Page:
Assignment for Oxfam Novib
Together with her seven children and thousands of other villagers Patience fled from her home in October 2014. The Allied Democratic Forces (ADF) rebels attacked her village in the Mavivi area in North Kivu and massacred the population with machetes. More than 250 people were killed, including Patience's husband. Patience was forced to flee and leave everything behind during the rebel attack. Now, nine months later, she lives with a host family in another village. A family with six children of themselves but they nonetheless share their small house and the meager food with Patience and her seven children. "We did not know her but we welcomed her and her children anyway," tell Paluku Mantha and Katsuva Mandevu. "But we have too little space for all of us. Everyone sleeps on the floor and we have to help each other to find enough food."
In January 2015, Oxfam Novib, together with the local partner organization MAAMS, provided emergency relief to 2,250 of the 2,750 displaced families that were hosted by the local community. Oxfam Novib/MAAMS provided basic necessities to survive such as blankets, mattresses, clothing and food to thousands of Internally Displaced People (IDPs). However, the host village where the IDPs had sought refuge was attacked and looted as well in May 2015. Once again they had to flee and leave everything behind. It forced them to sleep on the streets and in churches and after some time they decided to return to the host village despite their fears. They found many of the houses to have been looted by the rebels and their humble belongings disappeared again, including the basic supplies they had received from Oxfam Novib / MAAMS.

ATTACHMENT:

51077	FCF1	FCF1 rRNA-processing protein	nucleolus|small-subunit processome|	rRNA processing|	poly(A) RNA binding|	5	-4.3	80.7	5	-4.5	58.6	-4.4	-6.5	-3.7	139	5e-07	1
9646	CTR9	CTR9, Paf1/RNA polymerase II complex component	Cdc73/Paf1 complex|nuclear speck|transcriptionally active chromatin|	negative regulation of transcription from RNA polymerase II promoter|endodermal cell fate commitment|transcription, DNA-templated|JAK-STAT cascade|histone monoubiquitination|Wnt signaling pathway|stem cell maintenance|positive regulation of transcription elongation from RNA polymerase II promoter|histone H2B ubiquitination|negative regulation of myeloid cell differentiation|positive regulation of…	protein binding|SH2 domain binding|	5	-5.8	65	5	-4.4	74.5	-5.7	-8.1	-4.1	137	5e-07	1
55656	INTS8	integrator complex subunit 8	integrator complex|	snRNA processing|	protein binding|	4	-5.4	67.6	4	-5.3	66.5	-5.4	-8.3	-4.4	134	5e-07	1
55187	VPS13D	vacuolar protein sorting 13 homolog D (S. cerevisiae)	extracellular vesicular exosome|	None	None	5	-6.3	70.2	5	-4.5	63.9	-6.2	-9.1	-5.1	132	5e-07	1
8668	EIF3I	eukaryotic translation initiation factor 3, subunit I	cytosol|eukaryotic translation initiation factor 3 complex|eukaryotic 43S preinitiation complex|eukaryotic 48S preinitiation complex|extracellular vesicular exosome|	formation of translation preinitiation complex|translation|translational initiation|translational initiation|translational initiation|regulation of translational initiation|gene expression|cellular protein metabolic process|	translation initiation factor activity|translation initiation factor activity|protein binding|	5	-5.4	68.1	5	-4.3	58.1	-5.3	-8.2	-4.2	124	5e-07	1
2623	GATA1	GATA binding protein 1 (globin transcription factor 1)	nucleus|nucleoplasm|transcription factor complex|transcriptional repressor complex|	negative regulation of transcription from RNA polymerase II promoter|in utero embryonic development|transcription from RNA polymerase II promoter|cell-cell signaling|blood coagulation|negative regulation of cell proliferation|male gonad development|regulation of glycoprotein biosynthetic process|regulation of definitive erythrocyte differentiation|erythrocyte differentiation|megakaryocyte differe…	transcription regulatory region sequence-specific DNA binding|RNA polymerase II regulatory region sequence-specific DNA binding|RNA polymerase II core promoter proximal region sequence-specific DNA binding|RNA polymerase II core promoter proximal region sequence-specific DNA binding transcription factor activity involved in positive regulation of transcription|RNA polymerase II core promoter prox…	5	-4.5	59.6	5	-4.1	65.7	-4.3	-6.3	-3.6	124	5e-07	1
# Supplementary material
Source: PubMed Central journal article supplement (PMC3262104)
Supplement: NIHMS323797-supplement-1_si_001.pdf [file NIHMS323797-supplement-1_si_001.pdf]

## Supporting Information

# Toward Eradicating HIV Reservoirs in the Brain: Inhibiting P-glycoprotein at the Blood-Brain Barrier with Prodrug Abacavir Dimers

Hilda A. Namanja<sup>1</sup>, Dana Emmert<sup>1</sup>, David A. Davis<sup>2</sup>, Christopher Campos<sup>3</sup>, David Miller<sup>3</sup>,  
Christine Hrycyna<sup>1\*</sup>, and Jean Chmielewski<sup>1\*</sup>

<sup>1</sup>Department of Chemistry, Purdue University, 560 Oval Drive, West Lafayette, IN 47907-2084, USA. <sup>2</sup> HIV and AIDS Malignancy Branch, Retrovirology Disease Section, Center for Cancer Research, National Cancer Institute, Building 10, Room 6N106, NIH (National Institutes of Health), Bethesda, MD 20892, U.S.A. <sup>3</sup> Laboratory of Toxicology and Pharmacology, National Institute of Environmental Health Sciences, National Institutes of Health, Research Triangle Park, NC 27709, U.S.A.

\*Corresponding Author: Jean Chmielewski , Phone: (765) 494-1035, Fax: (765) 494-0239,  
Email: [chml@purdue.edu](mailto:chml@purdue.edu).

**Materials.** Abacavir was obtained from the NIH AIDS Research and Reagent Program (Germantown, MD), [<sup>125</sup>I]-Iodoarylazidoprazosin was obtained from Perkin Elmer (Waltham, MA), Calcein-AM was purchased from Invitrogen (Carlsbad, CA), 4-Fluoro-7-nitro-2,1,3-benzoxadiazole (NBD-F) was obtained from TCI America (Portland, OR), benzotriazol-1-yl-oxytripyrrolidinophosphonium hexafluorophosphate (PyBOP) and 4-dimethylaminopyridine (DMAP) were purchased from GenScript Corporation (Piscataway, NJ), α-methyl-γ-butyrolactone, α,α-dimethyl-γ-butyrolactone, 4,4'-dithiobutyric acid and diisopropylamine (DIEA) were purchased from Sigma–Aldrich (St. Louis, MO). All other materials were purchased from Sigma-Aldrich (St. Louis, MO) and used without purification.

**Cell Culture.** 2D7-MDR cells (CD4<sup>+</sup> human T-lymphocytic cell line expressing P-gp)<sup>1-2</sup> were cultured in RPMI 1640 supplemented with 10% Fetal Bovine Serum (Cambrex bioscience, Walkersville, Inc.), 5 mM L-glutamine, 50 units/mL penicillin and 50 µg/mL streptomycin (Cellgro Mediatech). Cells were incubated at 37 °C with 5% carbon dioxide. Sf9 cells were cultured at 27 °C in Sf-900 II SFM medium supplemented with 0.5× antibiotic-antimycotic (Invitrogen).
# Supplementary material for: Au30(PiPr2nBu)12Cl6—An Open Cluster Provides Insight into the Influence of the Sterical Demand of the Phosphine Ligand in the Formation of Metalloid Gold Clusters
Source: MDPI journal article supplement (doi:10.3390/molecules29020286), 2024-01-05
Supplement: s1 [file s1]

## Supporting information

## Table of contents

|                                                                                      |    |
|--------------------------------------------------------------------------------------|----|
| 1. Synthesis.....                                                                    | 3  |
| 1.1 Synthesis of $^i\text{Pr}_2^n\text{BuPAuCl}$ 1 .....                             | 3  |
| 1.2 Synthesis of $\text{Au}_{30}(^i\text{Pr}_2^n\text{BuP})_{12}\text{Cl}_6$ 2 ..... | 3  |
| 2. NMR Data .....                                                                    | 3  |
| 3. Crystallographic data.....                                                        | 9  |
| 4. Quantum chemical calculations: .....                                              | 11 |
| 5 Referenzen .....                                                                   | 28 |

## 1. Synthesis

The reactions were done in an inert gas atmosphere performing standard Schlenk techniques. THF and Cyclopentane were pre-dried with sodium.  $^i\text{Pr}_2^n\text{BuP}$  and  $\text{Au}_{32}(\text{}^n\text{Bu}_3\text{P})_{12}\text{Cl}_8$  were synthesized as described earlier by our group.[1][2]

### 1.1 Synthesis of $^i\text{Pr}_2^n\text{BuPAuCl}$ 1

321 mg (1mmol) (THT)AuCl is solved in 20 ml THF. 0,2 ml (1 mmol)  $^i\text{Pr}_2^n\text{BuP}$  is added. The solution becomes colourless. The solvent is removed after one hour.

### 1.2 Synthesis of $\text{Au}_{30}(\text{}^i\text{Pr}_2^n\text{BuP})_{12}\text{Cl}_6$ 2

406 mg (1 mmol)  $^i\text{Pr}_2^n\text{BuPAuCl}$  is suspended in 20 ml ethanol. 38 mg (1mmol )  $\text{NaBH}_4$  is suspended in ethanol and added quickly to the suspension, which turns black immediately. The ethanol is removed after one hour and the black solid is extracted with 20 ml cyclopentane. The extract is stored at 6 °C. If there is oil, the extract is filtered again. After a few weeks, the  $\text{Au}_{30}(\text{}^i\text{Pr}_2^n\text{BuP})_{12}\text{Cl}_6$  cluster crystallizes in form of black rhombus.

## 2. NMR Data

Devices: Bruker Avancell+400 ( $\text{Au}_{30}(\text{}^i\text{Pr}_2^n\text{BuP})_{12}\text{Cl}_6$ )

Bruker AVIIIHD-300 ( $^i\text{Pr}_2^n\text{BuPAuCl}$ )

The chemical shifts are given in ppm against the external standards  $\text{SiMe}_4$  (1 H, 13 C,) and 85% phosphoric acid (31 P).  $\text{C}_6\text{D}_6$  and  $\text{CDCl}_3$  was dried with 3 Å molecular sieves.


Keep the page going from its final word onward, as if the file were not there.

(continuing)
Life in this area is extremely difficult and people suffer on a daily basis. When asked about her future Patience looks defeated: "The future? I have no future. We are suffering here. I cannot go back to my village, it's too dangerous. My husband is dead and I have to take care of our seven children by myself. What can I do? What should I do?"
For Patience and the other IDPs life is a daily struggle to survive. Along with the family that hosts her, she tries to gather enough food every day to feed all the children. If they cannot find enough food they drink hot water in order not to have to go to bed on an empty stomach.
The immediate needs of the IDPs and their host families consist mainly of housing, food, medicine and schooling for children. But what they really need is peace. Peace to return to their villages and to be able to continue their farming livelihoods.